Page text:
With three events to go, New Trier was your state champion. But why stop there?
The Trevians won all three of those events to cap a dominant IHSA finals performance Saturday, Nov. 13, at the FMC Natatorium in Westmont, where they won a state championship by 82 points, the largest margin of victory at a state meet in 13 seasons (2008, Rosary).
“It was an amazing meet,” Trevs coach Mac Guy said. “This was a group that was really, really good. The fact that we dominated the field to win by 82 points over some pretty good teams was pretty exceptional and I’m really pleased with their efforts.”
The team win was the 15th in program history for the Trevs and their first since 2013, when they won a fourth straight crown. New Trier finished second to Neuqua Valley in the most-recent IHSA finals in 2019.
At this year’s state meet, New Trier (182 points) claimed two state records, four first-place finishes and seven other top-10 efforts to top a field otherwise led by Barrington (100), Hinsdale Central (100), Oswego East (98) and St. Charles North (97).
The Trevs 200-yard medley relay — Carly Novelline, Kaelyn Gridley, Alexis Wendel and Charlize Escasa — kicked off the scoring with a record-setting showing, touching in at 1 minute 39.65 seconds. It is the fastest 200 medley relay time in IHSA history, topping a mark set by New Trier (Novelline, Gridley, Grace Pelzek and Joelle Ohr) two years earlier.
“When we went 1:39 in the medley relay to kick off the meet, it was pretty thrilling,” Guy said. “No school has ever been under 1:40 in state history and to better our medley relay record from two years ago by almost a full second was amazing. It was a real thrill and set the tone for the rest of the day.”
Gridley picked up New Trier’s second state record in the preliminary round on Friday, Nov. 12, when she became the first IHSA swimmer to break 1:00 in the 100 breaststroke. She swam it in 59.92 seconds.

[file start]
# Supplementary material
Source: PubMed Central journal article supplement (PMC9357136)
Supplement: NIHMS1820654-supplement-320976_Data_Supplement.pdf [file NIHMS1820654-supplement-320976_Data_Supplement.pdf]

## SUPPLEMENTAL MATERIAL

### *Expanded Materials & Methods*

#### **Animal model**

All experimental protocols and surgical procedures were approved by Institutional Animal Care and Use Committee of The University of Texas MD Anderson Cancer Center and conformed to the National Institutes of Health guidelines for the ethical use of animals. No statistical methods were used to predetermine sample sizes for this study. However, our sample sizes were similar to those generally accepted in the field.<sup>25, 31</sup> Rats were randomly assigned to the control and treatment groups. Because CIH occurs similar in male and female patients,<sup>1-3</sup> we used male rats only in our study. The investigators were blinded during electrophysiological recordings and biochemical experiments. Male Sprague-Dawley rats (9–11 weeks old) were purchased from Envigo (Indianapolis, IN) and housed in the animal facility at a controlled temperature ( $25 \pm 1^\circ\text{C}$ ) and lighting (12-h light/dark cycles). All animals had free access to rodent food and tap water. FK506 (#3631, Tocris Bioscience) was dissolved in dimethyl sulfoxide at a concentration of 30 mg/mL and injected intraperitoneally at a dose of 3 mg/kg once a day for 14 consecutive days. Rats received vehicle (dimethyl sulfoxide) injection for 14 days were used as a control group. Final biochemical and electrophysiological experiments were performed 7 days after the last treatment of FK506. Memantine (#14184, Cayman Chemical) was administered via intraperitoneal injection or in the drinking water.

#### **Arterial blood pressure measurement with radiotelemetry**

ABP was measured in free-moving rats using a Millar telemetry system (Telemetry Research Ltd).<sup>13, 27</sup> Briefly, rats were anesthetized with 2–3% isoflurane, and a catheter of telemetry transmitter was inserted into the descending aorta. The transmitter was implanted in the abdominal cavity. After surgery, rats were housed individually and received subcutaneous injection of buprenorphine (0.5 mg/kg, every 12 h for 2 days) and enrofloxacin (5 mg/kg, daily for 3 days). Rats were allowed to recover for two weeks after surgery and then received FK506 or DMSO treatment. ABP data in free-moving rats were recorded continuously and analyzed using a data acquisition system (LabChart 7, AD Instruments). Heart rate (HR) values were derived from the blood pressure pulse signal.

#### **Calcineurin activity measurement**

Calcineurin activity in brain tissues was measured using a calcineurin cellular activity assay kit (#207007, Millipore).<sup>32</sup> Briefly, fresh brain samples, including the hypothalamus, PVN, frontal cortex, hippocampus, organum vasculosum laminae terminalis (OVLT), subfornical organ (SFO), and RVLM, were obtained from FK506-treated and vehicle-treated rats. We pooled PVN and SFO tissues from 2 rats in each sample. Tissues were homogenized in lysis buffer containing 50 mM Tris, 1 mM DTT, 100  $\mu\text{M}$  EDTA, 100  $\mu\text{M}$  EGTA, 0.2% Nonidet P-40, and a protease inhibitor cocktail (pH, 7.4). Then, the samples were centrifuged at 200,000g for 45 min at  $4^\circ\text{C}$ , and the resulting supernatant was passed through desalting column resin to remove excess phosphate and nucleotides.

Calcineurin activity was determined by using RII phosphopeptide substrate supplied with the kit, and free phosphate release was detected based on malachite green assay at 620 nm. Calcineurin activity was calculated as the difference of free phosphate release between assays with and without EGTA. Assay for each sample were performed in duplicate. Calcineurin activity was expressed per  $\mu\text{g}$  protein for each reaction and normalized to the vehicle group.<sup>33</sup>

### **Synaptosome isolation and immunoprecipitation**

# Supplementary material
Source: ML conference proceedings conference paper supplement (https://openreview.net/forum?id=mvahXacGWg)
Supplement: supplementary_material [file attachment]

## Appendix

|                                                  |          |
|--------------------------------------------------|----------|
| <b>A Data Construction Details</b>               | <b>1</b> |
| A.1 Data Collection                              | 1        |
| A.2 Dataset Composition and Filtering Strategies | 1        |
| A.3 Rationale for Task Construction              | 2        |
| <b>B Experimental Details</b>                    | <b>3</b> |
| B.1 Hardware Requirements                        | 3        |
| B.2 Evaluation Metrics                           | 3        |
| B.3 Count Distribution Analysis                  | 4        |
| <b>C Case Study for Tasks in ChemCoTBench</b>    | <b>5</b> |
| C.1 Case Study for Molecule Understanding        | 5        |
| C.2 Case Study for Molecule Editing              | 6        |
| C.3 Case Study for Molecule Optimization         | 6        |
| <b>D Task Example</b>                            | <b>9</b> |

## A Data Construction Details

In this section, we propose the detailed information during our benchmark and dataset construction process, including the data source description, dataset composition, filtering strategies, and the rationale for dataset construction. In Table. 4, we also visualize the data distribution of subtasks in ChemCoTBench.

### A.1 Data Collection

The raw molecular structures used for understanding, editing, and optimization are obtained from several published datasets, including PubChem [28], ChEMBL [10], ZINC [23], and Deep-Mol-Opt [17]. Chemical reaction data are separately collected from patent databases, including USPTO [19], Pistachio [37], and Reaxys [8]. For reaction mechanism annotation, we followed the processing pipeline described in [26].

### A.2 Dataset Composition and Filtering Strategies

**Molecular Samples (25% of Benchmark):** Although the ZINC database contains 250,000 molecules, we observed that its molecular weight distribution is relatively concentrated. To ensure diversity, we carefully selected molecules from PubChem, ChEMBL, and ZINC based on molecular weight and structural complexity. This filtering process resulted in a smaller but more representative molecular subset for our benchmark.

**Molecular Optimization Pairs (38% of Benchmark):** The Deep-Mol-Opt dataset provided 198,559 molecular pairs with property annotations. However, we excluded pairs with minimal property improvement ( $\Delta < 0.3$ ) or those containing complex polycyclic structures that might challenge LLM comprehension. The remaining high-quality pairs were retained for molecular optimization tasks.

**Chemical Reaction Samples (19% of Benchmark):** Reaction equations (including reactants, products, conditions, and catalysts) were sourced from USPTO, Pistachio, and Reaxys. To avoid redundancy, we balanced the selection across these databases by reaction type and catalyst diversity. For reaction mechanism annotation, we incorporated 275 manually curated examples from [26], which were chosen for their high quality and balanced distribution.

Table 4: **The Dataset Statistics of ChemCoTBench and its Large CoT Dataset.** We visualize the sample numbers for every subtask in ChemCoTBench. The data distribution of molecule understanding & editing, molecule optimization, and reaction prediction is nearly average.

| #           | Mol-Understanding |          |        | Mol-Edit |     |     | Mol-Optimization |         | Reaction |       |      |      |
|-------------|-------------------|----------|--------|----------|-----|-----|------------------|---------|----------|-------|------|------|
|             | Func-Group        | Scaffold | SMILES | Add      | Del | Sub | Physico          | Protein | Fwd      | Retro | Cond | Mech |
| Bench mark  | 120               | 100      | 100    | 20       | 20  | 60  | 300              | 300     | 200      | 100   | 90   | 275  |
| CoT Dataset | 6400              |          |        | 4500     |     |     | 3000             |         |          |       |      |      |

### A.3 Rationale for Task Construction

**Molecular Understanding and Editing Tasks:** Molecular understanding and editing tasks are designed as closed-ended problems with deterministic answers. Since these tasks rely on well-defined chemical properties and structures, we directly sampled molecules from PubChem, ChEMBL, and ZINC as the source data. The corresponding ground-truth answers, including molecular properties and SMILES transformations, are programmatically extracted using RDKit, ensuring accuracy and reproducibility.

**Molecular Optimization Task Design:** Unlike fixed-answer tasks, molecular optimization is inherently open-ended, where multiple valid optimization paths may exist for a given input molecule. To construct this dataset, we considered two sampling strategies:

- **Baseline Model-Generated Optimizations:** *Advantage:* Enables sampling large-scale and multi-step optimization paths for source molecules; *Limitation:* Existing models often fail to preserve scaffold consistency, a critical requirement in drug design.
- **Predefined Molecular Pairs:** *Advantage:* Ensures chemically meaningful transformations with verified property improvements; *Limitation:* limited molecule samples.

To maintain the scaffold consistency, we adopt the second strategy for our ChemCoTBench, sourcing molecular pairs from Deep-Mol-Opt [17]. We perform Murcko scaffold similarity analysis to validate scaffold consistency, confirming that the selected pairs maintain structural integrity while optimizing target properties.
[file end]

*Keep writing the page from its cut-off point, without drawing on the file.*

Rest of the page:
A day later, the Duke University commit won the event in 1:00.13, while Escasa was close behind with a third-place swim at 1:03.21.
Gridley added a third-place medal in the 50 free (23.21) and was part of the second-place 200 free relay (1:32.21) with Escasa, Connie Gillum and Sanderson.
Novelline, who will swim at the University of Virginia, defended her 2019 state title (no state meet in 2020) in the 100 backstroke, clocking in at 53.46 seconds, and added a second-place swim in the 100 freestyle (49.02), an event won with a state-record time of 48.34 by Kaneland sophomore Leah Hayes.
Novelline picked up a third state championship when she joined Sanderson, Megan Meade and Leslie Wendel for the title-winning 400 free relay (3:24.83).
In the 1-meter dive, New Trier senior Sydney Holder (453.65 points) landed in third and Amelia Haverson (408.7) took 11th to total 14 team points for the Trevs.
The Wendel sisters — Alexis and Leslie — both scored in the 100 butterfly, placing seventh and 11th respectively.
Seniors — including the Wendels, Sanderson, Holder and Haverson — led this New Trier squad, while Gridley and Novelline capped two of the most electrifying tenures in program history.
“As a senior class, they haven’t lost a single (regular-season) meet since they’ve been here — undefeated dual meets, undefeated invites,” Guy said. “And certainly this state championship is pretty impressive.
“For Kaelyn and Carly, they were exceptionally dominant, and to have the two of them on the team in the same class was really an extreme stroke of luck. They bring out the best in each other. … I think it’s fair to say that one would not have been quite as good without the other.”
While the Trevians unit was senior heavy, plenty of underclassmen were on hand either participating in or witnessing the extraordinary season finale.
Escasa will lead a group next season that also includes state medalists Meade and Gillum and state qualifier Olivia Safarikova (200 free), a freshman.
“I’m really excited for the next three or four years with this program,” Guy said. “We’ve got some girls who are really hungry to do well. They want to compete at the state level, but because we have so many great seniors, they haven’t had a full opportunity to show what they can do.”